18. Army Corporal Edgar Enrique Marquez Martinez
  19. Army Corporal Arturo Alexander Pinedo Rivadeneira
  20. Army First Corporal Julio Hernando Rios (7/03)
  21. Army Sergeant Edgar Garcia Garzon
  22. Army Sergeant Hugo Moreno Pena
  23. Army Sergeant Juan Bautista Uribe Figueroa (7/03)
  24. Army Second Sergeant Arquimedes Vargas Coca


  1. Army Sub-Lieutenant Nelson Jose Granados Gonzalez (7/03)
  2. Army Lieutenant Gustavo Adolfo Gutierrez Barragan
  3. Air Force Lieutenant Johan Jimenez Valencia
  4. Army Lieutenant Mihaly Istvan Jurko Vasquez
  5. Army Captain Edgar Mauricio Arbelaez Sanchez
  6. Army Captain Jaime Quintero Valencia
  7. Army Captain Gustavo Rengifo Moreno
  8. Air Force Captain Cesar Romero Pradilla
  9. Army Captain Jorge Alexander Sanchez Castro
  10. Army Major Jesus Mahecha Mahecha (7/03)
  11. Army Lieutenant Colonel Orlando Hernando Pulido Rojas (listed as a major
    in 7/03 report)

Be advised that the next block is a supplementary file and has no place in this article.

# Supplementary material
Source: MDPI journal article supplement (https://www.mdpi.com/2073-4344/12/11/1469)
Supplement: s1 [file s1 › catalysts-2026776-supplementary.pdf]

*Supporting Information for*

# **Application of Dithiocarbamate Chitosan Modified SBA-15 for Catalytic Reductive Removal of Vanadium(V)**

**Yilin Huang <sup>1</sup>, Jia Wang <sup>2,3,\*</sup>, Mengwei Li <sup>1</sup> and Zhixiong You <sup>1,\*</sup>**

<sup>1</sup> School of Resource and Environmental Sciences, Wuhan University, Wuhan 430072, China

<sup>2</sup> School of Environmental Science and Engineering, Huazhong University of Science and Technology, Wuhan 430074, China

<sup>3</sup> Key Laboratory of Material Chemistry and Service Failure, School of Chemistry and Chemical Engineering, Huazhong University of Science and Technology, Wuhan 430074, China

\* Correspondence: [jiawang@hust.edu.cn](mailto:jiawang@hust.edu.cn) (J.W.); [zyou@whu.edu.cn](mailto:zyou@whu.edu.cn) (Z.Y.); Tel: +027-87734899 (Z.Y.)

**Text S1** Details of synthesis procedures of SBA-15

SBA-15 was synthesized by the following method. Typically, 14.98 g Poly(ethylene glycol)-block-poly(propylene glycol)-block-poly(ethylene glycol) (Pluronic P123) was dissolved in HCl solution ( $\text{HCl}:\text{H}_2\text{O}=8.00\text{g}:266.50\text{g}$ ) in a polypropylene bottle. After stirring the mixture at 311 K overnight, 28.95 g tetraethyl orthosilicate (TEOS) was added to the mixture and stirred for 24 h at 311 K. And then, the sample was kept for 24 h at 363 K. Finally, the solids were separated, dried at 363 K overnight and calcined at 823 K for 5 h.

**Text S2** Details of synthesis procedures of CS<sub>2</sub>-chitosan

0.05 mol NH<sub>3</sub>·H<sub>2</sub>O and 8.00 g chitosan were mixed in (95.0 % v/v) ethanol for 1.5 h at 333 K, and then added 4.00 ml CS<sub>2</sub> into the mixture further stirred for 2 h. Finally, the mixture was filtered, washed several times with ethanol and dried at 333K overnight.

12. Army General Jaime Humberto Uscategui (retired)

One Response to “No progress on impunity”

  1. jcg Says:

    You’re right, the numbers show that there’s been practically no progress in adequately charging and prosecuting military personnel accused of violations.Still, the State Deparment seems to accept de facto that this is the way things are going to be for now and is probably hoping that, instead of prosecuting past crimes, future offenses are eventually going to be reduced through the human rights training (it may take a long while to see those programs having any significant effect on the overall situation, since only a small percentage of the personnel seem to be involved at a time).

    That said, it’d be interesting to see if, at the moment, there is any apparent correlation between the members of the Colombian security forces that receive human rights training and those that would be later accused of committing some manner of abuse.

Leave a Reply